St. Johns Ship Building: Small Yard, Big Capability

By Greg Trauthwein
Tuesday, November 16, 2010

Located along the historic St. Johns River just sixty miles south of Jacksonville, FL is where a true full service shipyard has emerged to accommodate the growing industry needs. In 2006 Steven Ganoe and business partner Michael Grandonico leased – and eventually bought – an existing shipbuilding and repair facility on the St. Johns River (mile marker 31), a facility which was renamed St. Johns Ship Building and today stands as one of the more progressive and technologically capable small shipyards on the U.S. East Coast.

Ganoe is part owner of G&G Shipping, a specialty carrier of goods primarily to the islands and Caribbean from the Florida coast, employing a fleet of 10 versatile shallow-draft landing crafts, vessels which are capable of offloading at most any marina or pier or unimproved coastal site even directly onto the beach.

“This is the yard personnel that we built our fleet with from this North Florida area” Ganoe said. “With our business growing and uncertainty over where we were going to build and service our boats, we invested in this facility.  The need for autonomy, or more specifically a dependable facility to build and repair our fleet, became apparent.

Location, Equipment, Experience

Visitors to St. Johns Ship Building – a facility which lies on 98 acres in a picturesque locale – are most immediately struck by how neat and orderly the facility is run and kept, a tribute to general manager and 30-year shipbuilding veteran Bobby Barfield, said Ganoe.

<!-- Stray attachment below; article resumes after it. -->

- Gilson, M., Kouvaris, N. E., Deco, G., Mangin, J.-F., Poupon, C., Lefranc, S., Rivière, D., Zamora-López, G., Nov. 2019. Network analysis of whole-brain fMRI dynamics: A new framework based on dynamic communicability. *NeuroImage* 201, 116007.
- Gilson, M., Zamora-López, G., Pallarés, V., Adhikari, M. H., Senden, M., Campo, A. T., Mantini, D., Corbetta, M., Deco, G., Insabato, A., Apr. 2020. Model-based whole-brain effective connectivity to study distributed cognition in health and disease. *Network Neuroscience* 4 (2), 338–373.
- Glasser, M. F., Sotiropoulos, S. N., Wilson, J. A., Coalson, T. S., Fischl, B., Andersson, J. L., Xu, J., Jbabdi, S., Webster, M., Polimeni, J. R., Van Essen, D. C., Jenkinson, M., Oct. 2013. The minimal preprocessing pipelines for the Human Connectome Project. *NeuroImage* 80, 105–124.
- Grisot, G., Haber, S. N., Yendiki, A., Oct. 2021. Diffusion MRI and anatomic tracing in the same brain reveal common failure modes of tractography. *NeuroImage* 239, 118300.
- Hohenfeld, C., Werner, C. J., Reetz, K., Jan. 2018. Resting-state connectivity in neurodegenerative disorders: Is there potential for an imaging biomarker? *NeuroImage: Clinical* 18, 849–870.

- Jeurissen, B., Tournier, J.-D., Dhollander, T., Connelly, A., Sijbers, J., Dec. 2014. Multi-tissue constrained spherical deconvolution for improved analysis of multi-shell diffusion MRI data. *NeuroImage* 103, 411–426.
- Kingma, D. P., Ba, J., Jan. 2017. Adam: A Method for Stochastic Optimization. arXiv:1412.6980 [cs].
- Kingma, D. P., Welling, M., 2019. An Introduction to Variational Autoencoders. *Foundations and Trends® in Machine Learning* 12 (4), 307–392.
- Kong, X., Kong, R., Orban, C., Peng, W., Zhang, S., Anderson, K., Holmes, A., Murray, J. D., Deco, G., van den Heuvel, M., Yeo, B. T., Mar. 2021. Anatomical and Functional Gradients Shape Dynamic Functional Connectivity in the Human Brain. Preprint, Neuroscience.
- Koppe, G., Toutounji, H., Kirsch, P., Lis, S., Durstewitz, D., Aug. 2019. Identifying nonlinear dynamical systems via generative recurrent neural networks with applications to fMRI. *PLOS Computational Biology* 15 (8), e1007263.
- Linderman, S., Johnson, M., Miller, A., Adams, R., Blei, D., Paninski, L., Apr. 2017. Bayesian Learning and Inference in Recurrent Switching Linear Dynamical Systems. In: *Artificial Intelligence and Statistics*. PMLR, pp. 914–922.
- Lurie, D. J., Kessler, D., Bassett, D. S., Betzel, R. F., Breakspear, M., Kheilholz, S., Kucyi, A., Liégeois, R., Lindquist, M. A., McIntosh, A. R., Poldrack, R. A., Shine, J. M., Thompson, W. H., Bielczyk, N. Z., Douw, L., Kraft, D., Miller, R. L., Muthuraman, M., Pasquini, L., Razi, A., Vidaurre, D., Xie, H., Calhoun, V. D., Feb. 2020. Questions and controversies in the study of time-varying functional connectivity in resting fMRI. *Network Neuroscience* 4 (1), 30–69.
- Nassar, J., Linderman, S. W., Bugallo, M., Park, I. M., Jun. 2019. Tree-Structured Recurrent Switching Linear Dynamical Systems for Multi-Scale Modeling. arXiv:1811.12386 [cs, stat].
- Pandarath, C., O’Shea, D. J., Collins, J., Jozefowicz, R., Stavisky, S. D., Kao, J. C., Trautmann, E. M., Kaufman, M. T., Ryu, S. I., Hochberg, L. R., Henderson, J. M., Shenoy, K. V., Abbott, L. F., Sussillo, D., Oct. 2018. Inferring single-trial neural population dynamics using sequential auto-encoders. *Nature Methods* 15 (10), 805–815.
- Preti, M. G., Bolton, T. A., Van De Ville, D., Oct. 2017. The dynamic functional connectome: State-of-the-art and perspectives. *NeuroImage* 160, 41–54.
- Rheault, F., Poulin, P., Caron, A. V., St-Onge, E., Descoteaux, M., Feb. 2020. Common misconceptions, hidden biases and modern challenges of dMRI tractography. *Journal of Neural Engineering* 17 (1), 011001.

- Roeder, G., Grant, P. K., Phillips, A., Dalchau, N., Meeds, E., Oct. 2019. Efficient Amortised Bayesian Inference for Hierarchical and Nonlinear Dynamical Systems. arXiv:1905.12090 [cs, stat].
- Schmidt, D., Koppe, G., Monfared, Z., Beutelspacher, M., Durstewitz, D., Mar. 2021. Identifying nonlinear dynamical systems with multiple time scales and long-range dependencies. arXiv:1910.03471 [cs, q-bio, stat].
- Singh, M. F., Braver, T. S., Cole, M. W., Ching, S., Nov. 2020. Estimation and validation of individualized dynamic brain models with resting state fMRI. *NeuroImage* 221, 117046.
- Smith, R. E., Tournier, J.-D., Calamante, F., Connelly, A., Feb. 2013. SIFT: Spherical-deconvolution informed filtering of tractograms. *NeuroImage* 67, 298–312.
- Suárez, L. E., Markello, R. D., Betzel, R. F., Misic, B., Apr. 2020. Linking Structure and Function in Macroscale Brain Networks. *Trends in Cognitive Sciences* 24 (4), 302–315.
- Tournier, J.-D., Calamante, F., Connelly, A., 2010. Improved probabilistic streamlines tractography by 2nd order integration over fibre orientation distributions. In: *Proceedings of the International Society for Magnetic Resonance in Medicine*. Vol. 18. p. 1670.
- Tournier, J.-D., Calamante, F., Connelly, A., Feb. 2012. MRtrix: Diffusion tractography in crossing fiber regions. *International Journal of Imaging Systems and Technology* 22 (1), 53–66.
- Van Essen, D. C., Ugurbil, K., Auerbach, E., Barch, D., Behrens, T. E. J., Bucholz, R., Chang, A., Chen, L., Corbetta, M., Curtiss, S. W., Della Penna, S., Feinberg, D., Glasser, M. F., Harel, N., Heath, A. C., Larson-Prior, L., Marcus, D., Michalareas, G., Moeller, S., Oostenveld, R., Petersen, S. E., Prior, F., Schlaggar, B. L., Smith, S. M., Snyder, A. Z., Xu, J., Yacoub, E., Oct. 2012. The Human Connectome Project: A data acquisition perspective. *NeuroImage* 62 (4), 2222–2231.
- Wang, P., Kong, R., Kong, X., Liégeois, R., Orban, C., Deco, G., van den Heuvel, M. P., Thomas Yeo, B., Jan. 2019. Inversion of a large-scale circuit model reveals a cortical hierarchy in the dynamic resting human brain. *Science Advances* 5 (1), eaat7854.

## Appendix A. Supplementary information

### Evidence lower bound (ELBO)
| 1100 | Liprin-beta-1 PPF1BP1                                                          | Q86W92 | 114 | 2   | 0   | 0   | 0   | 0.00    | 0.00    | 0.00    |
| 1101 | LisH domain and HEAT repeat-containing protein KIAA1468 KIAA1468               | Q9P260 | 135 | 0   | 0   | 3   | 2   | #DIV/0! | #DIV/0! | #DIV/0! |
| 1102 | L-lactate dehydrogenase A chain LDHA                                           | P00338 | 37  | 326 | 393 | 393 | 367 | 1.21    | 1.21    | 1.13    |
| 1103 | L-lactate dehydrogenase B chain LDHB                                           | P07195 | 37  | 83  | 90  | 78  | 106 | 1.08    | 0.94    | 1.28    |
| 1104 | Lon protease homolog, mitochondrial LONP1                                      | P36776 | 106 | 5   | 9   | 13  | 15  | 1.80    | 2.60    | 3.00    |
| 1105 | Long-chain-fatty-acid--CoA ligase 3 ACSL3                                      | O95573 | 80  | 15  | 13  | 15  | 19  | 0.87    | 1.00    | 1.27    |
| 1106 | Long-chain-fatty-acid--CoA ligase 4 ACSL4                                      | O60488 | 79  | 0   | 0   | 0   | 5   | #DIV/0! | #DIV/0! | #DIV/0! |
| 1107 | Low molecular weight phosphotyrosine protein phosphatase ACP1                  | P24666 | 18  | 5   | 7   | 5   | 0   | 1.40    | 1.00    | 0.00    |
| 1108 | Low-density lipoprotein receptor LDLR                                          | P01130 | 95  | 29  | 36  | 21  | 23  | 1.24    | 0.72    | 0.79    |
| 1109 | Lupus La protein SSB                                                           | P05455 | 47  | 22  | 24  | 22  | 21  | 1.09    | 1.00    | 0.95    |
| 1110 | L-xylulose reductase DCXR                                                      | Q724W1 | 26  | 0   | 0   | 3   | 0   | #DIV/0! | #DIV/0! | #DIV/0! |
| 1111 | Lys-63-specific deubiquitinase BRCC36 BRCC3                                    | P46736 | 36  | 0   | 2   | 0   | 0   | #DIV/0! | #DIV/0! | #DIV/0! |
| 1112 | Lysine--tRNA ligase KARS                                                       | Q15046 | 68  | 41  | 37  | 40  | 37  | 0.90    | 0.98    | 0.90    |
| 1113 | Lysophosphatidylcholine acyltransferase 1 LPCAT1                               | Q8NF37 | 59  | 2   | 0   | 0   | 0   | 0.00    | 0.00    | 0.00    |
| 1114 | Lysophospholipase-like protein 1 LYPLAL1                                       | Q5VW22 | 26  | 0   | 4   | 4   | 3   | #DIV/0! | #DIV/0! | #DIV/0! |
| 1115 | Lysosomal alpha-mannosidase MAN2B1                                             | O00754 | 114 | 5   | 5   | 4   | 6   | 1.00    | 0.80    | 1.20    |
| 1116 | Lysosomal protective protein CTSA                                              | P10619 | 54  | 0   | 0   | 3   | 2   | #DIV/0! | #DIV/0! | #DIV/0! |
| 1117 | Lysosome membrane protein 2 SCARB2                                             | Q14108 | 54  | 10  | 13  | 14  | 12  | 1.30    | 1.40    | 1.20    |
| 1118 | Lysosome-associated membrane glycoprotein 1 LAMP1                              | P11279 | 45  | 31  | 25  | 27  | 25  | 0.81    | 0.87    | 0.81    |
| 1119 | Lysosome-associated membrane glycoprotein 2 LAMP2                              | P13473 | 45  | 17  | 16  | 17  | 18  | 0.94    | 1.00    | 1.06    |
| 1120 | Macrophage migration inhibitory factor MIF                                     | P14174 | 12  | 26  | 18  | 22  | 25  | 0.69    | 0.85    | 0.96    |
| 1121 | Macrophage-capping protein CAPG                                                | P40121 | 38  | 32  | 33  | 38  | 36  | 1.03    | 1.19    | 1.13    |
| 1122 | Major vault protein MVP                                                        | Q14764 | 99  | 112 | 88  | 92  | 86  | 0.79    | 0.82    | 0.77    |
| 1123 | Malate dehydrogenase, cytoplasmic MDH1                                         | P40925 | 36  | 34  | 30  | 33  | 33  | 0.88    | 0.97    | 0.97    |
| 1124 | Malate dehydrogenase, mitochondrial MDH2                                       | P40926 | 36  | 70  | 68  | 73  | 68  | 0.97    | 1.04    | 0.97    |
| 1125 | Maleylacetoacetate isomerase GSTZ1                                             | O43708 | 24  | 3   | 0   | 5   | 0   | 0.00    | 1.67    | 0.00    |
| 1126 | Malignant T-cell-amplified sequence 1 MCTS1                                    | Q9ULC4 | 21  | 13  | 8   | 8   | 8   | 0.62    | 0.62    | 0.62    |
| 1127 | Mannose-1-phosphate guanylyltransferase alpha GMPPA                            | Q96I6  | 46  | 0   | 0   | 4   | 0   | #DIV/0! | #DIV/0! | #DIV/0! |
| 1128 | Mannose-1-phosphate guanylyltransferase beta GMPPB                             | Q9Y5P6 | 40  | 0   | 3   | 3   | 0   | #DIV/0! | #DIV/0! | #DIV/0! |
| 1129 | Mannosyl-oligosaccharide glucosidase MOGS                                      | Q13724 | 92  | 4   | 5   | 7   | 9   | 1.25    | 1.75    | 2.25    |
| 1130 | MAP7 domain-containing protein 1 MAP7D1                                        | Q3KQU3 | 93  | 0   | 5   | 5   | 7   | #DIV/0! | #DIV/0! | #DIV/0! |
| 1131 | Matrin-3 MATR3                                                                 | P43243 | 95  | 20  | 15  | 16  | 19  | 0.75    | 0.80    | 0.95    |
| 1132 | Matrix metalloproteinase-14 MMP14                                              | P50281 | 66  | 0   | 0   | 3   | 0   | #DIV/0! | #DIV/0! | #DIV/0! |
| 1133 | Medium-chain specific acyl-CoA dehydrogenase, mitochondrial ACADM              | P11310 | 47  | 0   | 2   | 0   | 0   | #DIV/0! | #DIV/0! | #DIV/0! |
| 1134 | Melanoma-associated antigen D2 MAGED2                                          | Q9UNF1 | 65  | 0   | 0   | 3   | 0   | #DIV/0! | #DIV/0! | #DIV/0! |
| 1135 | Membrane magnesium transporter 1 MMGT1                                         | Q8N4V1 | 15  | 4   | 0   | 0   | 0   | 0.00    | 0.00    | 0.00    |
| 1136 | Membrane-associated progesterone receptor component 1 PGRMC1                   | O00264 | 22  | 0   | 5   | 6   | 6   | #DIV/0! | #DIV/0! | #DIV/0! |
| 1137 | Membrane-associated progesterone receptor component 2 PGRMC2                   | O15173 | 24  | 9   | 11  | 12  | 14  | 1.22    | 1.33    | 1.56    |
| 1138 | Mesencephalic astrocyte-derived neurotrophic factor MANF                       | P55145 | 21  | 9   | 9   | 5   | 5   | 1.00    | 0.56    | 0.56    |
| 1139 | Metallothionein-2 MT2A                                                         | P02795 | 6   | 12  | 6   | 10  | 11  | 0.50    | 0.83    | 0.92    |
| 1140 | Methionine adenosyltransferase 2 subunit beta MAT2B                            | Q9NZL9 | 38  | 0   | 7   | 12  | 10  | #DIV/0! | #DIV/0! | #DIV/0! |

While the initial mission of the yard was to fulfill the needs into structure around our core business, that vision broadened and lengthened, as St. Johns Ship Building has been adept at competing with its fellow shipbuilders on both the East Coast and Gulf Coast, and is extending its capabilities further.

In the four short years that the management team has been involved with the yard, he has helped to take what was a vacant facility and through planning and investment created a diverse and capable shipbuilding and repair facility. Investment in the yard has been steady, boosted most recently by $2.4m in U.S. federal government ‘stimulus’ funding.  The company operates several state-of-the-art machines including two CNC plasma cutting machines, brake press, plate sheer, and will soon welcome the addition of a family of steel processing equipment, including a new Wheelabrator plate system, as well as the machinery to shape and cut steel to most any specification, a move which St. Johns envisions as fulfilling the material processing needs for ship building as well as other industry customers.